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Social Heroes: Games as APIs for Social Interaction

Adam Simon

Social Heroes is a game about social interactions and identity construction. Our brains are constantly creating and revising a complex series of mental models to help us understand our changing social relationships. By making the creation of these models explicit and playful, Social Heroes encourages experimentation in how we frame our relationships and identities.

Social Heroes is a ubiquitous game constructed as an API for social interactions. As formal systems of rules, games make it possible for us to learn how they work and to predict the outcomes of our interactions with them. This is unlike the real world, which has far too many variables and unknown rules, and it's part of what makes games fun. We learn to do this by constantly evaluating the game state, which is a snapshot of what's going on in a game at any given time. It turns out that we treat everything in the real world in a similar way, constantly revising our mental models of how they work and what's going to happen next. We mostly don't think about these models explicitly; it's just how our brains evolved to see the world. There are, however, some areas where we are more conscious of these models because, evolutionarily, it became important to keep them front-of-mind. One of these areas is our assessment of social situations, which is a critical evolutionary development for humans - we are phenomenally good at assessing our relationships with other people. Social Heroes attempts to line up our mental simulation of games with our implicit modeling of social situations by constructing a game about relational identity on top of our real world social interactions.

SFZero, Jane McGonigal, You Are Not Here, Portal, Roger Callois, Abarat, Clive Barker, Buffy the Vampire Slayer, V for Vendetta, Guy Debord, Jean Baudrillard, Bertolt Brecht, Michel Foucault, flash mobs, Jenny Holzer, Oblique Strategies, Snow Crash, Scott Westerfeld

My projects: Socialbomb, Three Houses, Rumplestiltskin, Sneaker Seed, When is Where, The Destiny of Rooms, Booty Dialer

User Scenario
You show up to ITP one day in unexpectedly dapper formal wear. As you walk past the front desk, Matt waves to you, and starts typing away at his computer. You see James napping under the solar tree, whip out your phone, and send a text to Social Heroes, giving James a lazy point (you've got some saved up from yesterday, and feel that this is a worthy expenditure). As you walk into the lounge, your phone buzzes in your pocket with a text message: Matt gave you a glamor point. You notice that Midori's tour group has been waylaid by some unexpected performance art in the lounge, and while you're watching the show, you begin chatting with a prospective student. Just as things are winding down, you get another text: Lesley gave you a flirt point. You look up and see her winking at you from across the lounge. She nods to the prospective student you were talking to, and you blush abashedly.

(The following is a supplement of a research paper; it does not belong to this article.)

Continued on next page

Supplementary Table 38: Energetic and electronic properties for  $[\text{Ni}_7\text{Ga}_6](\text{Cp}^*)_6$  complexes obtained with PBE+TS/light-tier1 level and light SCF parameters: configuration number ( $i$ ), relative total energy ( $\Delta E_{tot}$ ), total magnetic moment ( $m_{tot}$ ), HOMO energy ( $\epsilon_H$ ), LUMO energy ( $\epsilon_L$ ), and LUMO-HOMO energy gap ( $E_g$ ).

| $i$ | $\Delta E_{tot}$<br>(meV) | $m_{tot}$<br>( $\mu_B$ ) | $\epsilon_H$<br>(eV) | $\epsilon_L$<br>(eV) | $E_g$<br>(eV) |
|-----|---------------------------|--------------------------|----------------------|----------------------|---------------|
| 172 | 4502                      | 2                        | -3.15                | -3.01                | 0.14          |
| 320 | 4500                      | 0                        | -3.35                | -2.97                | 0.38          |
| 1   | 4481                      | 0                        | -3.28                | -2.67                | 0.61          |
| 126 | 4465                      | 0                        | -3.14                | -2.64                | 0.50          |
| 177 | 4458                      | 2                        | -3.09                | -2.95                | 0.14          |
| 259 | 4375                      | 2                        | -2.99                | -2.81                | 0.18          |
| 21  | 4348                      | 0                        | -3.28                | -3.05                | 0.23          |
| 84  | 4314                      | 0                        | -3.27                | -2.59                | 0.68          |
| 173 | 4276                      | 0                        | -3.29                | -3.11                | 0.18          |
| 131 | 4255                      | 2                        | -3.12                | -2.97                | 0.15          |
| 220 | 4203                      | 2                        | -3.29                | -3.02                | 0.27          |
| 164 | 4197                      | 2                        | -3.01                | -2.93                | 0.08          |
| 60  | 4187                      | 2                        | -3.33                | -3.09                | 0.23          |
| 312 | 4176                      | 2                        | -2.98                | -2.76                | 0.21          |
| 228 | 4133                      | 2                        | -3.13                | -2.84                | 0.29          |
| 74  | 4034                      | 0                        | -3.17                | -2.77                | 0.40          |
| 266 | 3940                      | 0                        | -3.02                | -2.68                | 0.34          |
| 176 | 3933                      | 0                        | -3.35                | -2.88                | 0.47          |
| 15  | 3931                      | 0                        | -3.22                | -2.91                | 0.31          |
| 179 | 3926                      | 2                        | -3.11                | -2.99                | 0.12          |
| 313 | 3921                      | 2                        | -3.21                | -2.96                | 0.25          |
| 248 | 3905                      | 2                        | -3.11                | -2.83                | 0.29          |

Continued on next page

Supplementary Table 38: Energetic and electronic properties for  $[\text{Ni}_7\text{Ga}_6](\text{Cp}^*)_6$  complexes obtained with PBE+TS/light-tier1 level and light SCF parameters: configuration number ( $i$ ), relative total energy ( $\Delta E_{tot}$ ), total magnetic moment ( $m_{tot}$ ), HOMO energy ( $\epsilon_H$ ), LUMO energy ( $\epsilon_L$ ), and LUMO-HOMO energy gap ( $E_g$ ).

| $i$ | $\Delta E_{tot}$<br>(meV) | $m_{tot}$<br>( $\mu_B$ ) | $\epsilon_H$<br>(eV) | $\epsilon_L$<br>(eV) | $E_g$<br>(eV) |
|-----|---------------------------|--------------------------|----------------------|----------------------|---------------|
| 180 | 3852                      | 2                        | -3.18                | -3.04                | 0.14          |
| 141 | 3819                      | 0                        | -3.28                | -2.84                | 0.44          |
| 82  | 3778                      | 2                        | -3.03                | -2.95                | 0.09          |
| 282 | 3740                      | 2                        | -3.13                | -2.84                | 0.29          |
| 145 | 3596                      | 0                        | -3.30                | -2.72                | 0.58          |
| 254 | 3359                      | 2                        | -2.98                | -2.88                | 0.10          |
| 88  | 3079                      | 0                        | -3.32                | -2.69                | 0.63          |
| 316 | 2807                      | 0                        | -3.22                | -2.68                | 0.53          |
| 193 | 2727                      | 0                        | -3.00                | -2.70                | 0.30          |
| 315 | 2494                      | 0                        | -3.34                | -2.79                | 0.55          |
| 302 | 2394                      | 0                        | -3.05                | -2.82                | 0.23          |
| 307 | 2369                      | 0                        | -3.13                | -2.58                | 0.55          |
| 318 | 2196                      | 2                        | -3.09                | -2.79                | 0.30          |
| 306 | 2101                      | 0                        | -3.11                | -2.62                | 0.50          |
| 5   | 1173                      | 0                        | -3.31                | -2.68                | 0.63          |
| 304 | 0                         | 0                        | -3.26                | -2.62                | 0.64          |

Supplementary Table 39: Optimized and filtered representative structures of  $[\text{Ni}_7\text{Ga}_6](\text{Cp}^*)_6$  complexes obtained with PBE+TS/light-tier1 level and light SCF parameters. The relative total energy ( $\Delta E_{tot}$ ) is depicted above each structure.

As the day progresses, you earn several more glamor points for your upscale threads, and, combined with the flirt point from Lesley (and your stronghold of flirt from the last TNO), you earn the Sexbomb achievement. Later in the week, your Living Art midterm gets you enough creative points to finally get you that Rockstar achievement you've been after, and, by the time the weekend rolls around, you've completed the first stage of Social Heroes and been granted your superhero identity: Captain Glam. As an arbiter of style, you can dole out unlimited numbers of glamor points to other players, as well as take them away from the particularly unstylish.

Social Heroes is built on top of Twitter, which is itself a native API, so the interface for the game is anywhere Twitter can be input to and output from, including websites, Facebook, instant messenger clients, and text messaging. Once signed up for the game, players send messages to Twitter, giving each other points in different categories (such as geek and flirt) based on their interactions and observations of each other. Points are combined to earn achievements, which in turn coalesce into superhero identities based on the trajectory of player scoring. There's an economy of points, so giving someone a flirt point costs you - either in unassigned points (if you have them) or your own flirt points. Players can also use points to purchase new categories with which to tag other players. Superhero level players can grant an unlimited number of points, as well as take points away from players, within their specialty.